We, as American college students, live in what has become popularly referred to as a “rape culture.” Sexual harassment and assault are seen by many as endemic problems on our campuses, and ever-increasing numbers of women are coming forward with their stories. Because of this, sexual harassment among young people has become a visible and debated issue, at the forefront of public awareness. Since women are sharing their experiences, the topic is no longer off-limits in the way it has been in the past, and support and resources are abundant and still growing.
Don’t get me wrong, I think all of this is wonderful. I know luck is the only reason I have never experienced rape, and I cannot even begin to imagine how horrible it must be to be violated in the most intimate way possible. I cannot sympathize enough with what victims of sexual assault go through. Likewise, I am so grateful to and proud of the women who have paved the way so that we are living in the beginnings of a society where we can have an open dialogue about sexual violence against women.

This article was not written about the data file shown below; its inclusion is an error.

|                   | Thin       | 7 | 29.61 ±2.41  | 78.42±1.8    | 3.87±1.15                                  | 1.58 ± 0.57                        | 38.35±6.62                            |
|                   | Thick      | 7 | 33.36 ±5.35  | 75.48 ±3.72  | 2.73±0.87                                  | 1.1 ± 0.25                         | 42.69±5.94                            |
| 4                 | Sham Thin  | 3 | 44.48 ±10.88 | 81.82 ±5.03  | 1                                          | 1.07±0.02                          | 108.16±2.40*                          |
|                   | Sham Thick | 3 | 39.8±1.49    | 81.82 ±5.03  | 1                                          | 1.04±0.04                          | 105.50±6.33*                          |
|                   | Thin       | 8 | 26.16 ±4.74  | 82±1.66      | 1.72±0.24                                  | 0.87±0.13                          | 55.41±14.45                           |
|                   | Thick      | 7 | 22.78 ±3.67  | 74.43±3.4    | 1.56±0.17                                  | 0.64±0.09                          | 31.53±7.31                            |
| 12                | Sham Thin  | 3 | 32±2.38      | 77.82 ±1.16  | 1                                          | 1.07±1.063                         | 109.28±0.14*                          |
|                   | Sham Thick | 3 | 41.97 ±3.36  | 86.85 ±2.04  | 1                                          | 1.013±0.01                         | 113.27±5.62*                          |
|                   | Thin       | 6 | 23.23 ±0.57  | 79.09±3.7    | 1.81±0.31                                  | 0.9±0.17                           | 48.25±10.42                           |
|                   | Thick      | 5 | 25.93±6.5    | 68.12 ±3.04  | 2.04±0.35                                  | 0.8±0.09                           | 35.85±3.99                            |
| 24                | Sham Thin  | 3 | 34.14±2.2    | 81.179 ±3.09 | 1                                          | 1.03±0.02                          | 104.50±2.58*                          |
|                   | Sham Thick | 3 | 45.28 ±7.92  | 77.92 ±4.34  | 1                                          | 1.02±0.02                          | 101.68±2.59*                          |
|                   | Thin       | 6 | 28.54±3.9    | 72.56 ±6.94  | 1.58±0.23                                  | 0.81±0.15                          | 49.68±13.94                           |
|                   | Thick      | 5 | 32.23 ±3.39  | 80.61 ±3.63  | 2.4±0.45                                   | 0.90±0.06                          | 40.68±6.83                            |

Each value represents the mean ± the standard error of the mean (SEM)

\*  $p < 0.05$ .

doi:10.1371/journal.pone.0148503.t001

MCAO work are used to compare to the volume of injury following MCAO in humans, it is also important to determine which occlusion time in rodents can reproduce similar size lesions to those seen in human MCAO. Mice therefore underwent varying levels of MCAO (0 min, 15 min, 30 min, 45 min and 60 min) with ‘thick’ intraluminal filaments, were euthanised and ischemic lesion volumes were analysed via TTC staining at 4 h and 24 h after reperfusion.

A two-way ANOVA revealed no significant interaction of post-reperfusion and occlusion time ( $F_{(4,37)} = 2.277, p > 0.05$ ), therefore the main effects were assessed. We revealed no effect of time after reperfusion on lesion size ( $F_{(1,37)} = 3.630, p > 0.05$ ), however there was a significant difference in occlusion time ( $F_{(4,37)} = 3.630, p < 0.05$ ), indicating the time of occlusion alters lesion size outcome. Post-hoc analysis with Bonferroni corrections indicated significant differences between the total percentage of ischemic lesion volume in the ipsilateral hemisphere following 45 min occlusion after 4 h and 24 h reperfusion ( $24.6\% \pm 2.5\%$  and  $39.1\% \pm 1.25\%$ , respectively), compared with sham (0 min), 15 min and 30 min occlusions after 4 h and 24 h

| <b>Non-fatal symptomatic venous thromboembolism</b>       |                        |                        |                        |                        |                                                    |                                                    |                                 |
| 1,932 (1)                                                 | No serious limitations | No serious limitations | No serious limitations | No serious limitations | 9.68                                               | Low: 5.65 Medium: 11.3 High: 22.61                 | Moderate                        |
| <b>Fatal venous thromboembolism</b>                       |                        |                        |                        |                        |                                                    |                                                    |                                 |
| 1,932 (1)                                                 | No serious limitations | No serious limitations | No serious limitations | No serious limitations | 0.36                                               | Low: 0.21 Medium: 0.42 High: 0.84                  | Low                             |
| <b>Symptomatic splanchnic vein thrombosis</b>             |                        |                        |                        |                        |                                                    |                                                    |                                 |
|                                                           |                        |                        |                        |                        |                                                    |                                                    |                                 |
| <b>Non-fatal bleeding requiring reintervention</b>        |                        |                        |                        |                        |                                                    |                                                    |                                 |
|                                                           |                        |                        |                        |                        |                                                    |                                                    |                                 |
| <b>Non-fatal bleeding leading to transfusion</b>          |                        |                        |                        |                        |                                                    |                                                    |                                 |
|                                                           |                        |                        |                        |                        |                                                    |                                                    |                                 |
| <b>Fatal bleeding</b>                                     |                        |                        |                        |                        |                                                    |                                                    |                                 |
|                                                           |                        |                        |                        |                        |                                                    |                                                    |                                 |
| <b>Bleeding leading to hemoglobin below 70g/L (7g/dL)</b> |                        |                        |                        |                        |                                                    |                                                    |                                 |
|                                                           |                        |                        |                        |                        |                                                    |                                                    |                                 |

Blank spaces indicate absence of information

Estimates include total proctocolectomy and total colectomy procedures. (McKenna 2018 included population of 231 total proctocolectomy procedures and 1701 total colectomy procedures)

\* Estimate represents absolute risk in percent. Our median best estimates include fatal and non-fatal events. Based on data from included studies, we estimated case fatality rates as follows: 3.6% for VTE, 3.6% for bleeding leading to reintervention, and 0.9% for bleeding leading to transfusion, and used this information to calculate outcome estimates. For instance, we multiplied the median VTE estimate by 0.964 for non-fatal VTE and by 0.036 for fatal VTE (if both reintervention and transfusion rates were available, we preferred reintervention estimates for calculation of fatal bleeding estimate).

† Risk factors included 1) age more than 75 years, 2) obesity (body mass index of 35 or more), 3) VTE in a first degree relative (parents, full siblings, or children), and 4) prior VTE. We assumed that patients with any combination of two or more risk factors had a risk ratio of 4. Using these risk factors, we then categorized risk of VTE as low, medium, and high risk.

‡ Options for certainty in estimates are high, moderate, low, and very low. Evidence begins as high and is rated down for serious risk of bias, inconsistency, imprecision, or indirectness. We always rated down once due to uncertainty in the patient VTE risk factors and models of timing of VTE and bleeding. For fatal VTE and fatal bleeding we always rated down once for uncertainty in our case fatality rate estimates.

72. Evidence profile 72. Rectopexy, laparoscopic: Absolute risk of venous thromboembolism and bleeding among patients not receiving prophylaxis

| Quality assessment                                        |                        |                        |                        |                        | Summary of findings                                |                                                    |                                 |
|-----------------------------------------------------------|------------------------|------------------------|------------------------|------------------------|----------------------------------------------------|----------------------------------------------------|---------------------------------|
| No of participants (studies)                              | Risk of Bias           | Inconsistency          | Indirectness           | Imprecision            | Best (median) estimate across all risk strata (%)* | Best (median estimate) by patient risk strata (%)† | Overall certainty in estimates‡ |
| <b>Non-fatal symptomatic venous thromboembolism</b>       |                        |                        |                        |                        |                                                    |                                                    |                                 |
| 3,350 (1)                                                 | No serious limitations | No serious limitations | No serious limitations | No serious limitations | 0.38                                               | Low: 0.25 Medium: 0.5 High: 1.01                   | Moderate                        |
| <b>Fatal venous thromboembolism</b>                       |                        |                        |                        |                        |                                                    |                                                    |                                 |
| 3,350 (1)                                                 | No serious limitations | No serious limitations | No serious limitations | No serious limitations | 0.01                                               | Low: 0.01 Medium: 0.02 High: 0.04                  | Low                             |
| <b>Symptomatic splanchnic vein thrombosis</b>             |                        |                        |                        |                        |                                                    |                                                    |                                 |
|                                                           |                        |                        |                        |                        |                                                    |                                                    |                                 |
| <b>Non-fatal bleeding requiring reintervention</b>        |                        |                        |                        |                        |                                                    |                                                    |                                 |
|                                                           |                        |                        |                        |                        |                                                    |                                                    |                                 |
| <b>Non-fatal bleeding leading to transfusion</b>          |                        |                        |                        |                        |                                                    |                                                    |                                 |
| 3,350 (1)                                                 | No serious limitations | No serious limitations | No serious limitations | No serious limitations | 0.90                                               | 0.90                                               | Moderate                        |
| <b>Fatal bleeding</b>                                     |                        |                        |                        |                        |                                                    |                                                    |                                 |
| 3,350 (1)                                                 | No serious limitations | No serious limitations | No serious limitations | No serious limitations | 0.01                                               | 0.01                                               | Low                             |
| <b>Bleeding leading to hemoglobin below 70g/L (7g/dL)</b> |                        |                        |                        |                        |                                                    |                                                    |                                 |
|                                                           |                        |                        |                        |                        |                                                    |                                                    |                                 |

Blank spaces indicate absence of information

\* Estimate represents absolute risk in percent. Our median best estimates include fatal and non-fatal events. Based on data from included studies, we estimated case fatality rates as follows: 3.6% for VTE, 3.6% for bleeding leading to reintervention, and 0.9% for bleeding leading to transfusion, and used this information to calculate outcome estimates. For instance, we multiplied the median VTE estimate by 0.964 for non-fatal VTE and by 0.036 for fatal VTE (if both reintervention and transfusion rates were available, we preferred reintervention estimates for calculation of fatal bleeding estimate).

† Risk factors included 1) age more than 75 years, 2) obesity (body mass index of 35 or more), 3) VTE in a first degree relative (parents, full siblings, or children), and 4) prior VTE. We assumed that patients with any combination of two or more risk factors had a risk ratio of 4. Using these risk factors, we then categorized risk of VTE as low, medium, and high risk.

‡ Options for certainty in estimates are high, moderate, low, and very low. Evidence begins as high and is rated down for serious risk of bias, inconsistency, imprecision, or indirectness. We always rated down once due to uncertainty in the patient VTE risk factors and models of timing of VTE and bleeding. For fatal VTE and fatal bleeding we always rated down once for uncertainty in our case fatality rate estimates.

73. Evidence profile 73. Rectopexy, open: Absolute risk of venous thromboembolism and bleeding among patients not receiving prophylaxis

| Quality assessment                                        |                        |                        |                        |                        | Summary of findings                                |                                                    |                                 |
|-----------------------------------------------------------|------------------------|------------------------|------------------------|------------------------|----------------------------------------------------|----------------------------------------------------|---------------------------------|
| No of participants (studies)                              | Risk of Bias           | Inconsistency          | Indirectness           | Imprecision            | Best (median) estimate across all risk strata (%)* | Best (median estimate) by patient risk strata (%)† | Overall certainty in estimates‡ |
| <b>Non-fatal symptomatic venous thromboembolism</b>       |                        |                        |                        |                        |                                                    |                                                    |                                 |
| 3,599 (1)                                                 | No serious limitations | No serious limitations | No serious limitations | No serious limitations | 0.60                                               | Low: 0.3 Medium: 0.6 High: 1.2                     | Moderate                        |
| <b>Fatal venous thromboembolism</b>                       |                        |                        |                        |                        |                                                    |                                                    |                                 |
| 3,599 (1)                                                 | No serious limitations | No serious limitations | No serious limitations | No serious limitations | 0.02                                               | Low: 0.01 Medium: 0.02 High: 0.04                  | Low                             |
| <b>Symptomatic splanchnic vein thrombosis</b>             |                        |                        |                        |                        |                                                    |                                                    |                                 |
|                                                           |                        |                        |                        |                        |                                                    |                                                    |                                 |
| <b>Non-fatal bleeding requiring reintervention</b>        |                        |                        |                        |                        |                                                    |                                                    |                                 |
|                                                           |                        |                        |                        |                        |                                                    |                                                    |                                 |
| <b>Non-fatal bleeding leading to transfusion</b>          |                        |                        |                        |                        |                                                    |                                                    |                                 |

But, all of this attention is fundamentally flawed. We do not live in a rape culture; we live in a violence culture, and where many different types of violence, including rape still frequently occur against women unchecked. Rape is a heinous crime, but other types of violence are also awful, dangerous, scary and rampant. Accordingly, they and their victims deserve to be talked about.
So, why don’t we give the problem of domestic violence the same attention we give that of rape? Continue reading